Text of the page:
Similarly, another study showed a statistically significant relationship between the methylation-associated silencing of the SLC5A8 gene, coding for an apical iodine transporter (AIT), important to ensure a passive transfer of the halogen across the apical membrane of the follicular cell, and the T1799A point mutation of the BRAF gene in conventional PTCs (64). Moreover, a recent immunohistochemical study reported a significantly low NIS expression and impaired targeting to the membranes in BRAF mutation-positive samples (56). Because NIS plays a pivotal role in thyroid iodine uptake, this finding suggests impairment of iodine transport from the extra-cellular compartment to the cytoplasm of the follicular cell in BRAF mutant tumors.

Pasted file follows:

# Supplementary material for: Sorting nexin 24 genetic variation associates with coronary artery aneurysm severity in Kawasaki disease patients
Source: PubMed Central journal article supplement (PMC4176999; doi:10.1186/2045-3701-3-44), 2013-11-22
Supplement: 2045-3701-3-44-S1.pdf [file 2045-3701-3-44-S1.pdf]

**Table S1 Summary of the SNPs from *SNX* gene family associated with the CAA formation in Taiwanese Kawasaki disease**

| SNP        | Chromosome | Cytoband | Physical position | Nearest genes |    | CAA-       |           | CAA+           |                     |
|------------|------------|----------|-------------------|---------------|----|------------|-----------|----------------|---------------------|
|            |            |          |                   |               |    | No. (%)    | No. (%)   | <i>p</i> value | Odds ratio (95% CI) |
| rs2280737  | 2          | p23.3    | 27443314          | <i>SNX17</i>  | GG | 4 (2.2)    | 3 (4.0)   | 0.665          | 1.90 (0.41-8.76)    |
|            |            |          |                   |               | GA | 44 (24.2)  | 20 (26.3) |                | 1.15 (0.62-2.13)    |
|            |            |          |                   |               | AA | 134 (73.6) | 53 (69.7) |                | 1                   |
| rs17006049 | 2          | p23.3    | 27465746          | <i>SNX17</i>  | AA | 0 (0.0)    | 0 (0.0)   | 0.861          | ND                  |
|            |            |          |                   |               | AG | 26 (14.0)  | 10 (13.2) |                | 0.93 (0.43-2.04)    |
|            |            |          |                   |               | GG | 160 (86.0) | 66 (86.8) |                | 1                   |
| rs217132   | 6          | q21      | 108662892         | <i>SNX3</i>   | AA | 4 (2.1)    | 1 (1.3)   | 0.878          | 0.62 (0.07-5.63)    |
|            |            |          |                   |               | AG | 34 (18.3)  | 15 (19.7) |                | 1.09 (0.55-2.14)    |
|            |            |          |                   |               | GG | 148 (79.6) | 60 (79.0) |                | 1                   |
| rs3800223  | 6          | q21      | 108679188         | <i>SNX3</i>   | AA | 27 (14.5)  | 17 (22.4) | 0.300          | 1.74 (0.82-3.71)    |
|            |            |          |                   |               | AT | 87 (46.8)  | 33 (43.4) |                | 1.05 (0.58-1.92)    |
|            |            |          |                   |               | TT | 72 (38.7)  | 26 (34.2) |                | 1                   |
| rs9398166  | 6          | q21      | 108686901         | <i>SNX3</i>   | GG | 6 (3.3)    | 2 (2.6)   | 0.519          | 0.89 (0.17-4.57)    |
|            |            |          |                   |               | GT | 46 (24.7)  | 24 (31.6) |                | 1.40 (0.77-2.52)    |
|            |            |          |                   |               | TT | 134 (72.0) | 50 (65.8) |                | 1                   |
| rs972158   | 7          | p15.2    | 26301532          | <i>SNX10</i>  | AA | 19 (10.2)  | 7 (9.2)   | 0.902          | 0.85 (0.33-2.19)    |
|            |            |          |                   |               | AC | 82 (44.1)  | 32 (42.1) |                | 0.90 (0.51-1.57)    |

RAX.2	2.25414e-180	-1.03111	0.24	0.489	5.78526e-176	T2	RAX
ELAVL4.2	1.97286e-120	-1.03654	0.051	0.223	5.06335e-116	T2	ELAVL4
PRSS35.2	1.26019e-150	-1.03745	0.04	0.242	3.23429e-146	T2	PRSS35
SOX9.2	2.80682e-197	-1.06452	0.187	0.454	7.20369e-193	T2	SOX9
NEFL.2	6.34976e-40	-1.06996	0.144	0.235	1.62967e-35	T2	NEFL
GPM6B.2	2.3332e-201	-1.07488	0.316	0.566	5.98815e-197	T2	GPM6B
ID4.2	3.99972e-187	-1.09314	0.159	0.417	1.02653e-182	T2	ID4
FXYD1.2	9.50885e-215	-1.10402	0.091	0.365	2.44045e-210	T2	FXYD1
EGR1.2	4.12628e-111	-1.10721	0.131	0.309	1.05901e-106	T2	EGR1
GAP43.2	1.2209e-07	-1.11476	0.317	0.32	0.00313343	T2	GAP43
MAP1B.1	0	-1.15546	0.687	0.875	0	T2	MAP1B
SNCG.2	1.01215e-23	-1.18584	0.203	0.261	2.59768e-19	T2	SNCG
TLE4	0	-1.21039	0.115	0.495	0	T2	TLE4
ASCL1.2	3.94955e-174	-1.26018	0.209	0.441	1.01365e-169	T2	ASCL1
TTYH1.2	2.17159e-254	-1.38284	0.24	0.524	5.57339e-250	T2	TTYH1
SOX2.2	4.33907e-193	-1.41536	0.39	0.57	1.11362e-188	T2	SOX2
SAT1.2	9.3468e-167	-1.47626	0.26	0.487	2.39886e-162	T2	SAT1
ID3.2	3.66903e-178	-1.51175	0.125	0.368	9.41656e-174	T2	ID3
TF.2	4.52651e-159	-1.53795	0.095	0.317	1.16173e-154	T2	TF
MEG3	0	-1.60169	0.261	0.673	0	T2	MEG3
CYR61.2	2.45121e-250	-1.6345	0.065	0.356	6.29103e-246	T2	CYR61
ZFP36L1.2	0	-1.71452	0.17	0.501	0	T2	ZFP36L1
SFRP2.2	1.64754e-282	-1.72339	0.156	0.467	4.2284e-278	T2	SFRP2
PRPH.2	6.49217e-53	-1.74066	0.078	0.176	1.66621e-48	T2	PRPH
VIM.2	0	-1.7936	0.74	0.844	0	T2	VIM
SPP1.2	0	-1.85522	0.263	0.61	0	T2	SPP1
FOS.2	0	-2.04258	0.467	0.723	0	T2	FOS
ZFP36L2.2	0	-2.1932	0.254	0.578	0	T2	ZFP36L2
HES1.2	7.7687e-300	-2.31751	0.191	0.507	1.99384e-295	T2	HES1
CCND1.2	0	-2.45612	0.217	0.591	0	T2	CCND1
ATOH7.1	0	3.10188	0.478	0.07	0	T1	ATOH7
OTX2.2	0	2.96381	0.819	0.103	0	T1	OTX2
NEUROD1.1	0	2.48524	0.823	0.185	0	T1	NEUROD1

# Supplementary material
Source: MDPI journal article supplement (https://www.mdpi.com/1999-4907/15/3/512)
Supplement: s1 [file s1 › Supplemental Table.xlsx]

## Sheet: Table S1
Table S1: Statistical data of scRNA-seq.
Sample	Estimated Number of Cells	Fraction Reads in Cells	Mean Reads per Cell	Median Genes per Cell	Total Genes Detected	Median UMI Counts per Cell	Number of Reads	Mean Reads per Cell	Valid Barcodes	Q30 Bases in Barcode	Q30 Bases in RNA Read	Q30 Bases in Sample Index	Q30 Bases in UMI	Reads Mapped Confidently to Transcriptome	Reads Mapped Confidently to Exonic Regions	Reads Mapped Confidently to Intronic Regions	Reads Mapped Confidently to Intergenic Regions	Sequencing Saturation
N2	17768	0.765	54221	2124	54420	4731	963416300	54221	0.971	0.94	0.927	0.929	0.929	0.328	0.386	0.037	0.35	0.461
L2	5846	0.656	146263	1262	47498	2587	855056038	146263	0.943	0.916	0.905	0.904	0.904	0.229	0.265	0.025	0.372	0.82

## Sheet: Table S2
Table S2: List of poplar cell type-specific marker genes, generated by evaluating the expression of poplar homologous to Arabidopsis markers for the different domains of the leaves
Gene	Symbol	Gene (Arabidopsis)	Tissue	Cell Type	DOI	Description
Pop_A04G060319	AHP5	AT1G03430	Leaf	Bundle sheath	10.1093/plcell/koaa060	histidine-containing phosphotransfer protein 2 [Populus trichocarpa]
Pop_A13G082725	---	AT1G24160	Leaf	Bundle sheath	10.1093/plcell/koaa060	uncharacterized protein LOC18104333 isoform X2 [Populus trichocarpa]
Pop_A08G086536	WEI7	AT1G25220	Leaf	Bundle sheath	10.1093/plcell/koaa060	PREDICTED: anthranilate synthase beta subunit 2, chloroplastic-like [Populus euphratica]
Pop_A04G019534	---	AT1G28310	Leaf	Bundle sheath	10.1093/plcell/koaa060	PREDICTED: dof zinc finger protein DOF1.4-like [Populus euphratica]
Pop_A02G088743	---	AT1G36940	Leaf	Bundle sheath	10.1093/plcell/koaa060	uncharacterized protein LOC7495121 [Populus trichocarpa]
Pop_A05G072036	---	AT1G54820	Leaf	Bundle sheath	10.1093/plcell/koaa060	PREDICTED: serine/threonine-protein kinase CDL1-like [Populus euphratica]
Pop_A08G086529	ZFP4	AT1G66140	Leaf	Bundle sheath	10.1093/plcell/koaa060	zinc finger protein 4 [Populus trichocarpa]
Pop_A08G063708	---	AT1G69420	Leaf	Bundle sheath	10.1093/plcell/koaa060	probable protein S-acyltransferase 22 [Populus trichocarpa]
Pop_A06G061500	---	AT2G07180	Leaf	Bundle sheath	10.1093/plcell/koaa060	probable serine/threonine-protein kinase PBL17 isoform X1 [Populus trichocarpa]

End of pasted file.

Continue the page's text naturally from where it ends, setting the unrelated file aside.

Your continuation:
Very recently, our group examined the expression of a panel of thyroid differentiation markers, including NIS, AIT-B, thyroglobulin (Tg), TPO, TSH receptor (TSH-R), the transcription factor PAX8, and glucose transporter type 1 (Glut1), in 38 PTCs harboring BRAF mutation, and 28 PTCs with wild-type BRAF (Durante C, Puxeddu E, Filetti S and Russo D, unpublished observation). Whereas mRNA levels of all thyroid-specific genes examined, except TSH-R, were reduced in PTCs versus normal thyroid tissues, BRAF mutation-positive tumors presented significantly lower mRNA expression levels of NIS, AIT-B, Tg, and TPO than BRAF-wild type ones. On the contrary, the two groups presented similar levels of TSH-R and PAX8 mRNA expression. Moreover, Glut-1 transcript levels were increased in all PTCs, and additional significant increases were noted in BRAF-mutation positive tumors compared to the BRAF-wild type counterpart.